Todd Schneider knew the task ahead when he decided to purchase the former Fort Madison Middle School and convert it into an apartment complex with more than three dozen units. Seven years earlier, he transformed a former Catholic school in Fort Madison into a building with 19 offices and eight apartments.
"The process was the same," said Schneider, "(so we) figured we had that process, kind of (a) trial-by-fire... and we learned that and we just applied what we learned there to this project."
The middle school project is about 80% complete. The apartments on the third floor are nearly finished while work continues on the second and first floors of the building.
Schneider showed off that progress by hosting housing leaders from throughout the tri-states region during a housing summit sponsored by the Tri-State Development Summit. He said it's important to show what can be done with historic buildings such as the former school.
"We have a tremendous business model here that I am surprised more have not picked up and ran with," said Schneider. "From a developer's point of view and from a manager's point of view, it could be very successful both ways and from the community point of view. That is all above the losing of a historic building, (so) not only are we saving that building, but we are turning it into something that will generate revenue for the next 20, 30, 40, 50 years."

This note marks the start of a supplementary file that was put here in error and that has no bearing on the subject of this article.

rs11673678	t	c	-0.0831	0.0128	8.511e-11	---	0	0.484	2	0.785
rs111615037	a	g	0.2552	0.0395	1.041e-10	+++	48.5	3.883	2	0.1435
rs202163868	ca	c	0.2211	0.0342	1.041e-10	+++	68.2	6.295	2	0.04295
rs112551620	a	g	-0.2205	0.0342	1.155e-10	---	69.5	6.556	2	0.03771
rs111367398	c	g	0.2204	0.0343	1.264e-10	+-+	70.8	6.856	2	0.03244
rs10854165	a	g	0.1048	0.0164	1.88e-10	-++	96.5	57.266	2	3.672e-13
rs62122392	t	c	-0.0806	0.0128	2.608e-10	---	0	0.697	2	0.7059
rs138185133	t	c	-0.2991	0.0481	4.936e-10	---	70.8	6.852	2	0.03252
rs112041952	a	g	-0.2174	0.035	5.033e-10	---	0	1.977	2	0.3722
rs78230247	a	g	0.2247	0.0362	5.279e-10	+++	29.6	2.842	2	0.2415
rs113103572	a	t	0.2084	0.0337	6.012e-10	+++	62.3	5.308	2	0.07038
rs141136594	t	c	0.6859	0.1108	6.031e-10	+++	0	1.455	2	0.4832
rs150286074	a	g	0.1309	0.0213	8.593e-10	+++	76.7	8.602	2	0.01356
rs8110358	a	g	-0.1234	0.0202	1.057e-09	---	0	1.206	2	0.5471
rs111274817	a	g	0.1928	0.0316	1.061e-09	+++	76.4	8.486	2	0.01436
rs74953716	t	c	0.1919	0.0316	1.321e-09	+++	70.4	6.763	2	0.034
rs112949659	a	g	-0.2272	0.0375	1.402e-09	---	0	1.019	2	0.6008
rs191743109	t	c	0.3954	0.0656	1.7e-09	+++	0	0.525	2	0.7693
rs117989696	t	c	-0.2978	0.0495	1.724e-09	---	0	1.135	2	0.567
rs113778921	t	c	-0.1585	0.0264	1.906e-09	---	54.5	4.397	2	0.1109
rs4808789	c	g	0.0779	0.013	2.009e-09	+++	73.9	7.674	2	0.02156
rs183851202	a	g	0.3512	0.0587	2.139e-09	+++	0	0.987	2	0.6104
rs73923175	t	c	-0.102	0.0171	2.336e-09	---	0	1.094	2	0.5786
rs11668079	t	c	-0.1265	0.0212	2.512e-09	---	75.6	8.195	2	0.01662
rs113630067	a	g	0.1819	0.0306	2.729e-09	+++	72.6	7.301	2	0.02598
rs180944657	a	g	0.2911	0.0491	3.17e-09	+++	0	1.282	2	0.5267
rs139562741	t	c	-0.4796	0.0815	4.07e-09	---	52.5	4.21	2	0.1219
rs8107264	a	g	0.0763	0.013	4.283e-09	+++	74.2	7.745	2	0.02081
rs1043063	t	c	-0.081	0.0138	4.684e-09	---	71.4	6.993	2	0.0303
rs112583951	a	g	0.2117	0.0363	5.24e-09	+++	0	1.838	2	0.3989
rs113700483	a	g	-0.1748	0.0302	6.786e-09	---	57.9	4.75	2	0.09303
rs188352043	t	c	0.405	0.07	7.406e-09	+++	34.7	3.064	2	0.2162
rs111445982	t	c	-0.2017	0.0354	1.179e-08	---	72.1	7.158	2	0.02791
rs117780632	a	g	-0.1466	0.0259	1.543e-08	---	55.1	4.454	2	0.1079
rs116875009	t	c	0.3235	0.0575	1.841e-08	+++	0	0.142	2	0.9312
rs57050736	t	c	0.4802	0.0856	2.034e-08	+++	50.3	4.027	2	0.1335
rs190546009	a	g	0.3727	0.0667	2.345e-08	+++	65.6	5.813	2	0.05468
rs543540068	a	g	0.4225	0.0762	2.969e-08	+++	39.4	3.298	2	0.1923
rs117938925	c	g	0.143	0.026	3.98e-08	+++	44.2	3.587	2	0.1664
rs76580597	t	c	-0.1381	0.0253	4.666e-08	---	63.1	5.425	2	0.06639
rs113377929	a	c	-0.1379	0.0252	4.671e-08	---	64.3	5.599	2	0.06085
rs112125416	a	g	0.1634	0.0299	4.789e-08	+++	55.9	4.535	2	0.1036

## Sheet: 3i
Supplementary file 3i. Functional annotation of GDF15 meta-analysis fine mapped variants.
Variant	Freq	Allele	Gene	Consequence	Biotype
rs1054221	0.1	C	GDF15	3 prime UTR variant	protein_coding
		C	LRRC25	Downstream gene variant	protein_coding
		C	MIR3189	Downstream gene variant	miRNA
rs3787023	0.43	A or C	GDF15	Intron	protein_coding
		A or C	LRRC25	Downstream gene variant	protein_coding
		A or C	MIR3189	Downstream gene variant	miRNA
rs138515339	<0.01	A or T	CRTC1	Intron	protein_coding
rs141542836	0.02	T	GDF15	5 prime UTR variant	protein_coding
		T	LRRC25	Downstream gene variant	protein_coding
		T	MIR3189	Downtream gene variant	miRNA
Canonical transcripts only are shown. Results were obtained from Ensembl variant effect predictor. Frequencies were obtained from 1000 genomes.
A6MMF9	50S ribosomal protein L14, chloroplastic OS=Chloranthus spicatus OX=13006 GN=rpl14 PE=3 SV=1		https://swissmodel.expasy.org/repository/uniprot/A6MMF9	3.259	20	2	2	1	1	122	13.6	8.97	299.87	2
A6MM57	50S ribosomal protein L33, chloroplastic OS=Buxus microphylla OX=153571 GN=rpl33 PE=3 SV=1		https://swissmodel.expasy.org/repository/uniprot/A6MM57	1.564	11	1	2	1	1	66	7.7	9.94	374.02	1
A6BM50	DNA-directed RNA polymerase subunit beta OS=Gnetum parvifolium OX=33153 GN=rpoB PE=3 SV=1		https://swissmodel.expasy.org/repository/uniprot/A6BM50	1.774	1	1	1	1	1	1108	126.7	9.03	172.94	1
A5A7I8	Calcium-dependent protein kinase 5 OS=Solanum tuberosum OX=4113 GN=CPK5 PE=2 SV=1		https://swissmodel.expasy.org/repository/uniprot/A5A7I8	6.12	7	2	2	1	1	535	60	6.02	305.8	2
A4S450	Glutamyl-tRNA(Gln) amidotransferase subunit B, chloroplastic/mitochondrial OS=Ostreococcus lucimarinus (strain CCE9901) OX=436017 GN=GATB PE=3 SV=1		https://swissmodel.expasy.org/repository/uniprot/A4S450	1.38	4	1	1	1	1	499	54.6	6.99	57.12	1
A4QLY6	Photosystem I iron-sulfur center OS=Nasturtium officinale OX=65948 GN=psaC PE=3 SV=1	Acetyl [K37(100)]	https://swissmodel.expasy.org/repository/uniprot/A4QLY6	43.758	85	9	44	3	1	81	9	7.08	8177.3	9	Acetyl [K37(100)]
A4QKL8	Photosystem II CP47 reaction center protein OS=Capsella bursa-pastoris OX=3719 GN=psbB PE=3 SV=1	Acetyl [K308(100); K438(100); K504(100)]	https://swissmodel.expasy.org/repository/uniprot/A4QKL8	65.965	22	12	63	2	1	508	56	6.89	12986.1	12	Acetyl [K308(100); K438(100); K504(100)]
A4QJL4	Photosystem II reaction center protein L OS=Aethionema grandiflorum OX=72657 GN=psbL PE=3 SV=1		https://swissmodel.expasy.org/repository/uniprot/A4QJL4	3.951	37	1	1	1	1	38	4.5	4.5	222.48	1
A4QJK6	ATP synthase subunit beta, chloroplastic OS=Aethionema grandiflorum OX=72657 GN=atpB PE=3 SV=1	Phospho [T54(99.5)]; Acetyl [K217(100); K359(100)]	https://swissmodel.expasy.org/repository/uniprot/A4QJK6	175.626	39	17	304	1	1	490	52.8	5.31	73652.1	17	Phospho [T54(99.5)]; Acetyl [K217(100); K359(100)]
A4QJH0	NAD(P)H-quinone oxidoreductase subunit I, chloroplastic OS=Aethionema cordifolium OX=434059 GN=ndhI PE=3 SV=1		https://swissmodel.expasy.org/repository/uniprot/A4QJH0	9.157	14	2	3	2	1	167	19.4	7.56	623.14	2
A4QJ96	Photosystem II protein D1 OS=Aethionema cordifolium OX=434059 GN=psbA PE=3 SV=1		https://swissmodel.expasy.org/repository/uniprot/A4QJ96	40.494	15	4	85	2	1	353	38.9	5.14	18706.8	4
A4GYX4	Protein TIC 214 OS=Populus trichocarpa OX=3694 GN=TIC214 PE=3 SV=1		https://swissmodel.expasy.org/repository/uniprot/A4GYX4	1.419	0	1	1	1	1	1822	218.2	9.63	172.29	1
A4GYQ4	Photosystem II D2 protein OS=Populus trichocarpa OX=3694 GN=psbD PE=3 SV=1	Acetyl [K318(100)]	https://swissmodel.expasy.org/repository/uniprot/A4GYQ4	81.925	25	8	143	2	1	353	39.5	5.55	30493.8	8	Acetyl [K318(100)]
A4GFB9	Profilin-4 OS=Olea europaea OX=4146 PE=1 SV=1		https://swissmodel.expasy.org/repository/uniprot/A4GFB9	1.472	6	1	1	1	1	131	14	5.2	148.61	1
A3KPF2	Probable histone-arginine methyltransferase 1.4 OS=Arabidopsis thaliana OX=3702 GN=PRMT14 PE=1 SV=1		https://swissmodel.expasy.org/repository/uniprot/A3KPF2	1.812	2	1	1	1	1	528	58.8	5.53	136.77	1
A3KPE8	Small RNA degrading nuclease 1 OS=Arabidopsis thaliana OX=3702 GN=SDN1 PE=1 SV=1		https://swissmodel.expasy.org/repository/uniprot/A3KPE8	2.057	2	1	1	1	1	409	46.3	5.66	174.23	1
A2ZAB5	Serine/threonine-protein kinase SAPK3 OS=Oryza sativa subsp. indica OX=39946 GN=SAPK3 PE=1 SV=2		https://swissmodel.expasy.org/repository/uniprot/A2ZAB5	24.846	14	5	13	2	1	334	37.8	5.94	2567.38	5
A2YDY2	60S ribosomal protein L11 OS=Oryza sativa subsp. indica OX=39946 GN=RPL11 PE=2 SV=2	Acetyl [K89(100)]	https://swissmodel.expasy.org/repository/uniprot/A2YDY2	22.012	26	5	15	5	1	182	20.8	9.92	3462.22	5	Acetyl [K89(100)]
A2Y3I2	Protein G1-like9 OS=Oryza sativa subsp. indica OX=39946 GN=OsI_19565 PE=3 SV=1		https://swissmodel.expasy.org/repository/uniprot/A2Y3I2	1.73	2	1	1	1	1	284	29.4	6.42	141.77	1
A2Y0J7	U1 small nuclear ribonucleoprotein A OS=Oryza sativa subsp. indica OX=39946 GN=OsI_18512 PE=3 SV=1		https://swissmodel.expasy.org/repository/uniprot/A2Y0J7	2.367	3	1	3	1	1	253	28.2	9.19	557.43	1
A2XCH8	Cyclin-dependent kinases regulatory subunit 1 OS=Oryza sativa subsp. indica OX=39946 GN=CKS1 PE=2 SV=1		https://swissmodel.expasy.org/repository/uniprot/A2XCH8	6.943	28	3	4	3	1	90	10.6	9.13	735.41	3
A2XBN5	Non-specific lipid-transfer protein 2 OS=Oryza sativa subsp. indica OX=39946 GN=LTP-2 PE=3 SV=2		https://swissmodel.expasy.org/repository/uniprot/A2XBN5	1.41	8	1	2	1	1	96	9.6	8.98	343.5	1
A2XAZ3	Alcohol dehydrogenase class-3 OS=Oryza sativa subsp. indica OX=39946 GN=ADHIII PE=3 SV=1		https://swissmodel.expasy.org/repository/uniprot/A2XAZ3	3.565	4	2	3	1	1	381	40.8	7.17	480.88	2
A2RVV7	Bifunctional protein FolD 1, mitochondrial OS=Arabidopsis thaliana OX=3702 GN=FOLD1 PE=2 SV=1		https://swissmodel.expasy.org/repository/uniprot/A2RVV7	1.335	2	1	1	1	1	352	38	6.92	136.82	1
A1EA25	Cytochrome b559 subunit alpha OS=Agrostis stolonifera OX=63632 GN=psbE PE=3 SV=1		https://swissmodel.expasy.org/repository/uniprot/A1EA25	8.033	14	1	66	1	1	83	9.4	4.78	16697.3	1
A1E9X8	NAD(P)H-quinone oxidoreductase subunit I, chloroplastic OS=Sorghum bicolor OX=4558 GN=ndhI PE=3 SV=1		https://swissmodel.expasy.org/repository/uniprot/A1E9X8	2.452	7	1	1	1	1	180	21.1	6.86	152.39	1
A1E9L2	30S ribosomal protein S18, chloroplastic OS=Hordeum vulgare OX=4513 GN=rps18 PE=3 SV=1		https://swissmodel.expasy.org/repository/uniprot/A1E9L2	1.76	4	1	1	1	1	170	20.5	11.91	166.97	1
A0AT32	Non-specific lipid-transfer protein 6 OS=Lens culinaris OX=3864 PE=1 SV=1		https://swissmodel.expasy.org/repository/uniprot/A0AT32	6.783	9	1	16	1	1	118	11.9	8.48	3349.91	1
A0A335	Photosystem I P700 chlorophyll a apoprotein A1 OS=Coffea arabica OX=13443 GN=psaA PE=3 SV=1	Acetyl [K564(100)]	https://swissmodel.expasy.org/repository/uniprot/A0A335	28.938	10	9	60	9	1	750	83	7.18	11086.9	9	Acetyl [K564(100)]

Schneider said structural engineers told him this building will be standing strong for decades to come because of the construction materials used when it was built in 1922 compared to the materials used today. It will also maintain the appearance of the school for people passing through the hallways.
"The lockers will all stay," said Schneider. "We had a lot of built-in cabinets. In fact, all of the built-in cabinets that were originally in the classrooms are now going to be in the apartments. The hallways will be for the most part unchanged and all of the original floors that we could save were salvaged."
Schneider said the auditorium and most of the gymnasium will remain as they are, with the possibility of finding uses for them in the near future.
The apartments will range in size from 900 to 1,700 square feet with some encompassing two former classrooms. They will be powered, for the most part, by a series of solar panels placed on the roof of the building.
Schneider said interest in the project is apparent: he already has a list of potential renters, including a few former Fort Madison Middle School teachers.
He said the biggest challenge to the project came before the first demo work began. He had to secure funding, which included a multimillion dollar grant from the state.
"That's like the iceberg in the ocean," said Schneider. "The biggest part you don't see happens under the water or before the project even starts. There's a lot of work, a lot of meetings, a lot of groundwork, a lot of financing being put together. That's a long process. I figured we had a good 12 months in before we actually got the property purchased."
Schneider said once that happened, he could get to the "easy" part: turning a nearly 100-year-old school into an apartment complex that merges modern amenities with historic flair.